Estate Administration and Deceased Estates

If you have been named the executor of a will, or appointed administrator, you don’t have to do it alone.


Estate Administration and Deceased Estates

When you lose a loved one, often uncertainty follows as what to do regarding their estate.

If you have been named the executor of a will, or appointed administrator, you don’t have to do it alone. McNamara’s Law offer experienced estate experts who can give precise advice to help and guide you through this difficult time of administering a deceased estate.

How we help

We will help you liaise with valuers, financial personnel and institutions etc. ensuring the administration of the estate is efficiently undertaken.

The process of estate administration can be far from simple and usually deals with issues such as:

  • was there a current will?
  • does Probate/Letters of Administration need to be applied for?
  • was the will valid?
  • did the person have capacity when making the will?
  • if a claim upon the estate is made, what course of action should be taken?
  • how is the funeral paid for?
  • are the beneficiaries named in the will properly entitled to the estate?
  • how do you deal with superannuation and life insurance policies?
  • how do you pay debts from the estate?
  • how do you transfer property to beneficiaries?
  • how to distribute all other assets to the beneficiaries?
  • what are the tax implications for the beneficiaries?

If you have any further queries or would like assistance in relation to estate administration please do not hesitate to contact our wills and estates team at McNamara Law on 13 58 28.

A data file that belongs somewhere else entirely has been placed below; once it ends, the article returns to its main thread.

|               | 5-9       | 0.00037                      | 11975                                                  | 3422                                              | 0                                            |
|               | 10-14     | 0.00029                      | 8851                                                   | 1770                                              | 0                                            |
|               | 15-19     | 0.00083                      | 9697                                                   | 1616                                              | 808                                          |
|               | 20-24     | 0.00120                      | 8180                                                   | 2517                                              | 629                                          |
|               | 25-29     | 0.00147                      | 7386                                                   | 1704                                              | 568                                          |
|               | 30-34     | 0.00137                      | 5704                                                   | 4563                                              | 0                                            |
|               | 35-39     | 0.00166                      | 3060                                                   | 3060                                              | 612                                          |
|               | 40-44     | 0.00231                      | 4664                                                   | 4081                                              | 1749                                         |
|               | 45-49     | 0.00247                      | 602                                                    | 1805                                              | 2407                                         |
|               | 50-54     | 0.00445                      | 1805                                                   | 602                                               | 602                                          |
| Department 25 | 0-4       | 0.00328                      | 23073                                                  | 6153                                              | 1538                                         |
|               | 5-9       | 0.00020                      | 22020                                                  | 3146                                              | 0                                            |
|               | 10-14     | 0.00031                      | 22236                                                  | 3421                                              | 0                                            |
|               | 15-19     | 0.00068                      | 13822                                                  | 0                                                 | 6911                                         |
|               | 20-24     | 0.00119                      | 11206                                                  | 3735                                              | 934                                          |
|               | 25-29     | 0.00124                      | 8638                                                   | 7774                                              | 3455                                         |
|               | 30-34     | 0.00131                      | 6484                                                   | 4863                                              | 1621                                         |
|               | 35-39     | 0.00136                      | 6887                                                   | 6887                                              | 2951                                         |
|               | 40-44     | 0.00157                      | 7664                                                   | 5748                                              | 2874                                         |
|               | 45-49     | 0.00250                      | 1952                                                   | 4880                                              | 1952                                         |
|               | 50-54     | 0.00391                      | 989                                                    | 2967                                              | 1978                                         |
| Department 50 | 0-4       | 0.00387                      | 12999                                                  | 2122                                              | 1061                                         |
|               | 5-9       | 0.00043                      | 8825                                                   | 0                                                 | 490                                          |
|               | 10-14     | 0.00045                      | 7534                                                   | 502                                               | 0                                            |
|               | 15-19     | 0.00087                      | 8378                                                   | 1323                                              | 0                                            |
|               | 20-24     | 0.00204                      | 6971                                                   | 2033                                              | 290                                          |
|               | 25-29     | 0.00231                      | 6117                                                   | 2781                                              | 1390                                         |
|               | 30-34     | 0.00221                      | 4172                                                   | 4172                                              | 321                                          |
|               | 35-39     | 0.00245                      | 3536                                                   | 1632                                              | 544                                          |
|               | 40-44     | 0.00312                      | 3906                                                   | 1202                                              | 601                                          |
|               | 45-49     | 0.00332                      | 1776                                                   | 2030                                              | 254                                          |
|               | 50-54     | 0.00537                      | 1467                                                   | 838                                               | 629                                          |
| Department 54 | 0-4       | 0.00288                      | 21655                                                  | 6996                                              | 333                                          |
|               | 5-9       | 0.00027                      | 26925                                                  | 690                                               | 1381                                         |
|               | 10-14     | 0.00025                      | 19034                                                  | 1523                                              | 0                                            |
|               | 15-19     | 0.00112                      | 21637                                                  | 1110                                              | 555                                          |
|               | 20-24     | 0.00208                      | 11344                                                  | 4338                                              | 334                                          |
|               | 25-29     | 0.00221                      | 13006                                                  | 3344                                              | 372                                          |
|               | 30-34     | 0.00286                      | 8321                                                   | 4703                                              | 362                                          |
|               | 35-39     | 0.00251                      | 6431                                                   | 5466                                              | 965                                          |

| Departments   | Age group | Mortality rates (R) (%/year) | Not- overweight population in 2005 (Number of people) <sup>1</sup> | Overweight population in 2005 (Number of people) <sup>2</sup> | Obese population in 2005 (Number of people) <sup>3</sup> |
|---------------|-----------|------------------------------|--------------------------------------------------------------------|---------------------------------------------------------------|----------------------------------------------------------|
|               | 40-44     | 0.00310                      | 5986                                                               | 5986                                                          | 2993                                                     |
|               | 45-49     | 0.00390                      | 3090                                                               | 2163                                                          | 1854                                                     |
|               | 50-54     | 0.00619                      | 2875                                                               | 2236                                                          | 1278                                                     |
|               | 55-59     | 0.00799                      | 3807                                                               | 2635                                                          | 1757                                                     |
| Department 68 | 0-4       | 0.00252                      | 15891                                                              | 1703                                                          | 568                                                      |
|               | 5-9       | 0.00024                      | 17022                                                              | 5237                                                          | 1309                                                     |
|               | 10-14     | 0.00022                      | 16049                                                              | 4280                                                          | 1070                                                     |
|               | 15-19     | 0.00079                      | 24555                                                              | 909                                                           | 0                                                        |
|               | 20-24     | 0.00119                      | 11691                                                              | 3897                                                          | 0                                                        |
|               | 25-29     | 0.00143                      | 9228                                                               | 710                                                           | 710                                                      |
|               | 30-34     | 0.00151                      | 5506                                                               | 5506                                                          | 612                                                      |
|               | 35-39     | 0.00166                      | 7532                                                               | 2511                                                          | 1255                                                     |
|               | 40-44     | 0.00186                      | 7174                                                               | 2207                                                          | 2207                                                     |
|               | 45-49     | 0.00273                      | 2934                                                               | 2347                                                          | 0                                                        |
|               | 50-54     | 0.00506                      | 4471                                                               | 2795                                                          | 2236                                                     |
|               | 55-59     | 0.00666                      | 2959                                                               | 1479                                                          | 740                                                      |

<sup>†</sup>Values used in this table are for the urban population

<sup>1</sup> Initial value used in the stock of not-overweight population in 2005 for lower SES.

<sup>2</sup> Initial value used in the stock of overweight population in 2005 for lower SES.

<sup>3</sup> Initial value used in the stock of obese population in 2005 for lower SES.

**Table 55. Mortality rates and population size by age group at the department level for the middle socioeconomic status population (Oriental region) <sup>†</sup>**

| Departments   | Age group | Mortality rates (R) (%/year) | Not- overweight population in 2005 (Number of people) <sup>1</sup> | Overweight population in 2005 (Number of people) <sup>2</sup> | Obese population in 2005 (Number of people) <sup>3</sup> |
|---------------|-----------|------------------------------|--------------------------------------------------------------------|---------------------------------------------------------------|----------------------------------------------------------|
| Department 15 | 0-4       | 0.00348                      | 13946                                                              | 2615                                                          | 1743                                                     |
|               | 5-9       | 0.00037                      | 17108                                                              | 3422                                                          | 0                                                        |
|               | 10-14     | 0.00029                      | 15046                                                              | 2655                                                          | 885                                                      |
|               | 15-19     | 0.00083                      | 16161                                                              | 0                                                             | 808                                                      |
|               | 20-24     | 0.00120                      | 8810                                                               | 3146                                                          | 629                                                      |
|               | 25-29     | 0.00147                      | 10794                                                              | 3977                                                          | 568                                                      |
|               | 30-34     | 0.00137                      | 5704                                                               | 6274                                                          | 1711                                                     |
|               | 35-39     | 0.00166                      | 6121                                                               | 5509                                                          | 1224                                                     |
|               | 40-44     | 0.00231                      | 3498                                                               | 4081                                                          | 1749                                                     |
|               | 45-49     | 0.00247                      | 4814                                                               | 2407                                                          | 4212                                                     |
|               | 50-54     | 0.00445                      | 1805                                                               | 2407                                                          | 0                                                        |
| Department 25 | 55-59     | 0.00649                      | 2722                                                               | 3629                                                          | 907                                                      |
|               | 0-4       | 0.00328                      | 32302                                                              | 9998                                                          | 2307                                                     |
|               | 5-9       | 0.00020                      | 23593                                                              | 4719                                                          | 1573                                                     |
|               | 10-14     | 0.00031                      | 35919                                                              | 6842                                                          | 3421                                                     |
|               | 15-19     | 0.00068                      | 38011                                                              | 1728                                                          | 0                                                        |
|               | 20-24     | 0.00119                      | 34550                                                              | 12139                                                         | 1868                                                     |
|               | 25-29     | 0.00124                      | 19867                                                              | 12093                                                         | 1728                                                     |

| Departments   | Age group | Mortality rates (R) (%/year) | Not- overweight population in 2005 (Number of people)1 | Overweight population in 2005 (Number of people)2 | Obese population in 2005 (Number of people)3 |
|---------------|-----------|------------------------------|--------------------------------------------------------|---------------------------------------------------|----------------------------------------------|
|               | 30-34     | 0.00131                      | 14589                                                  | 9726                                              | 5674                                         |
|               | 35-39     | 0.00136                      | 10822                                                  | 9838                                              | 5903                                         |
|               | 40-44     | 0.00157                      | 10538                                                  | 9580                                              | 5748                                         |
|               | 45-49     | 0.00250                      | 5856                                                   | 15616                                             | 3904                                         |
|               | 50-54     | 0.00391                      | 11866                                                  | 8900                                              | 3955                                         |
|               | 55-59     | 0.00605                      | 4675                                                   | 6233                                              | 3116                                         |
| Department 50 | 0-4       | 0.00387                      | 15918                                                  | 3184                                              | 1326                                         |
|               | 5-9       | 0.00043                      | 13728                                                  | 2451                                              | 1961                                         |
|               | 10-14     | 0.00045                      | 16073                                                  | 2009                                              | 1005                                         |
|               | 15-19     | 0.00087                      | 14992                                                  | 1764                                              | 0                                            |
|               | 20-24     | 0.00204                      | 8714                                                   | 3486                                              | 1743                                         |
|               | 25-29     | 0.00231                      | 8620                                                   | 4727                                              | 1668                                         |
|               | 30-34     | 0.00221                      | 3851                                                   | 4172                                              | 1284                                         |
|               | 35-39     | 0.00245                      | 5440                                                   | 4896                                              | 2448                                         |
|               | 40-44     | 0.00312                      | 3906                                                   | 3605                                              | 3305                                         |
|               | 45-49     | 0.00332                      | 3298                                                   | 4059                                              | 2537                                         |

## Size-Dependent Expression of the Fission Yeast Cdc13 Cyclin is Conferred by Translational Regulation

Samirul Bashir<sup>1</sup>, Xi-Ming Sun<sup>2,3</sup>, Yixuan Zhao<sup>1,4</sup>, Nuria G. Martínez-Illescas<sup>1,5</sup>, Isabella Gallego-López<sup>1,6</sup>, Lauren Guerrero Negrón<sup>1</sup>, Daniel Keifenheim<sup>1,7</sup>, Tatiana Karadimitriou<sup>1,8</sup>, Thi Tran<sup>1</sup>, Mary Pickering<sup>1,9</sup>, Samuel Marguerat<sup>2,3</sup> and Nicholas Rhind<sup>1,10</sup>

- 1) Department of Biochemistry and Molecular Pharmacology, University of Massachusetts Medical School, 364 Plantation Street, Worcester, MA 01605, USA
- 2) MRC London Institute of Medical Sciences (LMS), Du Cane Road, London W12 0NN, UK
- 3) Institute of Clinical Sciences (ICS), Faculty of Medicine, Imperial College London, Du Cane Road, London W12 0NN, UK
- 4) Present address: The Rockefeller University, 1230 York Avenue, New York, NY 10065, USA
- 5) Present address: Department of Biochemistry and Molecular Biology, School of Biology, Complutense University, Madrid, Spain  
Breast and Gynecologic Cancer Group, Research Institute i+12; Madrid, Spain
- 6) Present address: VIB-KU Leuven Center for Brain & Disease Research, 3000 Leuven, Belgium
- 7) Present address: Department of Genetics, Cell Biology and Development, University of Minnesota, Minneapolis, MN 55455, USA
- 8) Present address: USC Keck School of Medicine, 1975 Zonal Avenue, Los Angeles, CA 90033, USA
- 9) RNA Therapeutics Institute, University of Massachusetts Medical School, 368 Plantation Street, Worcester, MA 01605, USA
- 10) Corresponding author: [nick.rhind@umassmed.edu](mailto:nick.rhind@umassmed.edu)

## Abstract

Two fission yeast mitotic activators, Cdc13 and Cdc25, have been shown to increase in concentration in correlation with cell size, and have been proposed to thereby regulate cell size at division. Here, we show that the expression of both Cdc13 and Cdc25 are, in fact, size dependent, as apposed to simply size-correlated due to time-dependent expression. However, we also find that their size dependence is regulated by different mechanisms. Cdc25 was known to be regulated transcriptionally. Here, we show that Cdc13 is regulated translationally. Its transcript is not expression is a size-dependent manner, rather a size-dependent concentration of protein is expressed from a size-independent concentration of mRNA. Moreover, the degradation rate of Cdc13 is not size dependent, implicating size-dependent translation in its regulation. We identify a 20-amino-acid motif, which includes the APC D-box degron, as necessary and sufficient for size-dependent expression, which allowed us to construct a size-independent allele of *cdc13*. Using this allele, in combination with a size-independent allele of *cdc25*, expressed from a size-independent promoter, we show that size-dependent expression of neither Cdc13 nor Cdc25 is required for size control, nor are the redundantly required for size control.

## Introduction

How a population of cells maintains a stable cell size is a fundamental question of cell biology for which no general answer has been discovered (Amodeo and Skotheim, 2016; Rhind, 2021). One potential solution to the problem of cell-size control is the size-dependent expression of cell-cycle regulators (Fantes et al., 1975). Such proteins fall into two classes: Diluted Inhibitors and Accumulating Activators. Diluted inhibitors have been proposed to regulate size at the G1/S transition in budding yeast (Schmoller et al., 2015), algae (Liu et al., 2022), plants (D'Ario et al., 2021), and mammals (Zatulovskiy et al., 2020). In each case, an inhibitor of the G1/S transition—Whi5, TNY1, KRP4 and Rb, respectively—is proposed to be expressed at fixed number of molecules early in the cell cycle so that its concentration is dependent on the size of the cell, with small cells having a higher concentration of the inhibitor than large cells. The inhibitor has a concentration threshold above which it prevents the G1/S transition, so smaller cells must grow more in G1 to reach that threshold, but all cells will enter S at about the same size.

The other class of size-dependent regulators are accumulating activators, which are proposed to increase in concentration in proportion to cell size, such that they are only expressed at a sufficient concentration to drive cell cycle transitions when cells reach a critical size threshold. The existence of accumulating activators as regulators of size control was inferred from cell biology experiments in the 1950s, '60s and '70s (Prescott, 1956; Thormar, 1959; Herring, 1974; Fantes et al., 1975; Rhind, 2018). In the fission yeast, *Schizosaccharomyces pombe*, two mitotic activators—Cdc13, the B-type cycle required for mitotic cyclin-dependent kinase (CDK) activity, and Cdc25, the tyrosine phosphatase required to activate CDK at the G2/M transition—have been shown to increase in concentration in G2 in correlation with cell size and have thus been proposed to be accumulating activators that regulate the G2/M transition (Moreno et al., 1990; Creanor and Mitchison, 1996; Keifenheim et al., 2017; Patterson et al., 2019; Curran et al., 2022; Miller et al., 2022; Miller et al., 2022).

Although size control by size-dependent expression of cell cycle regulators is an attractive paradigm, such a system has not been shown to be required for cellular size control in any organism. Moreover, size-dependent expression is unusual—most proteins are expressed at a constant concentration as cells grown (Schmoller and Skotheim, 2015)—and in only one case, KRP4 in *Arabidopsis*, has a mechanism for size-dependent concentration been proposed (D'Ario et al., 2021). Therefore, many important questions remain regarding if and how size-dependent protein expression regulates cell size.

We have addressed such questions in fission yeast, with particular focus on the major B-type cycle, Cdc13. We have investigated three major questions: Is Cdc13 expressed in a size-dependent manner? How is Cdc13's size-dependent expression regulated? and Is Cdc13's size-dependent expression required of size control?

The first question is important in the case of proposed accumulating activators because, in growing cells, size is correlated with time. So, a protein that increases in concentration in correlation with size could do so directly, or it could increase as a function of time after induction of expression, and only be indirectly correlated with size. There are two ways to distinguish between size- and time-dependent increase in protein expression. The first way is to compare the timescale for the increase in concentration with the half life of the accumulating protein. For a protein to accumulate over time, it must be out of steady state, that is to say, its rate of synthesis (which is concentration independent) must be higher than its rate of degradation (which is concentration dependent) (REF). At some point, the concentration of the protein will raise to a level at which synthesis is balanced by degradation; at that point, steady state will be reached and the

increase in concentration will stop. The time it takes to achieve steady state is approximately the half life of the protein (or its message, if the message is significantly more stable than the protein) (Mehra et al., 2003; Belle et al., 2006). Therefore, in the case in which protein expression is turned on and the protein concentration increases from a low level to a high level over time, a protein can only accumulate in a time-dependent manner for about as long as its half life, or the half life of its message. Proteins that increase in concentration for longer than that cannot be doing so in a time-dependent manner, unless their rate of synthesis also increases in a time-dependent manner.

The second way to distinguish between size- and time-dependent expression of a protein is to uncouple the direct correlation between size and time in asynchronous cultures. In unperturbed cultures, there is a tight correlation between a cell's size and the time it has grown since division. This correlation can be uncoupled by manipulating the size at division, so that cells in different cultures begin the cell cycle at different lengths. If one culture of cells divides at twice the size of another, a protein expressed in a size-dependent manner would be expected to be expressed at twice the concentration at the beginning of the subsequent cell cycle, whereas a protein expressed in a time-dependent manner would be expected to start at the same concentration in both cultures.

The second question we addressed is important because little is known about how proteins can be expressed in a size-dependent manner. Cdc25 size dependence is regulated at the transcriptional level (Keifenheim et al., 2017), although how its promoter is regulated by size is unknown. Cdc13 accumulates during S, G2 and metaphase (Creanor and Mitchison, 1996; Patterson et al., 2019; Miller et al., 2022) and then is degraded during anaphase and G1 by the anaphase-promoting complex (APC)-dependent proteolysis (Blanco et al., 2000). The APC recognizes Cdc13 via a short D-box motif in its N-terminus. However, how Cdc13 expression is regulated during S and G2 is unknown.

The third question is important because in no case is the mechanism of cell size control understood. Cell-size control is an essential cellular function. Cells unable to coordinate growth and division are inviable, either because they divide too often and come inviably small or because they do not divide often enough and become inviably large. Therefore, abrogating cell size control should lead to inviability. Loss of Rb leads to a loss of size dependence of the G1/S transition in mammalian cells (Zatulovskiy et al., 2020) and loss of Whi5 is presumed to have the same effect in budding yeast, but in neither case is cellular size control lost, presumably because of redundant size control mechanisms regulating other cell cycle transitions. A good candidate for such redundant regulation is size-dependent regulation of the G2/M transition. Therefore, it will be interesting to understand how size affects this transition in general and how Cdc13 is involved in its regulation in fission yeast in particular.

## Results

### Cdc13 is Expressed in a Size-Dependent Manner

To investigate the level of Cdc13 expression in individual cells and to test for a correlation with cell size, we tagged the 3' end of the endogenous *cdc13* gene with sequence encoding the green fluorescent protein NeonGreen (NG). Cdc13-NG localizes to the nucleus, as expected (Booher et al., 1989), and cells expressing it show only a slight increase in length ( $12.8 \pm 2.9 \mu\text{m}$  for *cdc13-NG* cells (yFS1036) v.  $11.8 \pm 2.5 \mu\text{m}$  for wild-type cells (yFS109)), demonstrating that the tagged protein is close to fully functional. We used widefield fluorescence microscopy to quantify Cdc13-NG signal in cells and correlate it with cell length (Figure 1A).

Frequently asked questions

Frequently asked questions about Administration and Deceased Estates.

When can I have access to assets that have been left to me in a will?

You as a beneficiary have no right to any of the deceased parties’ property or assets until the executor of the will distributes the assets of the deceased after all debt of the deceased has been paid.  You can as a beneficiary take legal action against the executor if they fail to distribute the estate of the deceased in a timely and efficient manner. It is important to note that there are also certain time frames imposed on executors as to when they are allowed to attend to a distribution of the estate.  You should contact us if you need to know more about these timeframes.

We need to appoint and administrator for a will. What does this mean?

An administrator is appointed by the Supreme Court.  A Grant of Letters of Administration needs to be filed and issued by the Supreme Court.

Usually an administrator is appointed when a person has died without a will (intestacy); a will has been left with no executors appointed; or when the executors appointed by the will cannot or will not act on the deceased behalf.

Once the administrator has been appointed they act in the same way as an executor of a will.  The administrator’s duty is to collect all information regarding property and assets, pay all debts owed by the deceased and distribute the balance to the beneficiaries, as per the deceased wishes if a valid will has been left, or according to the rules of intestacy in the event there is no will.   

To assist you in navigating the matrix of possibilities involved in deciding arrangements for your children please do not hesitate to contact the Family Law Team at McNamara Law on 13 58 28.

Looking for more information?

Download our Wills & Estates Guides.

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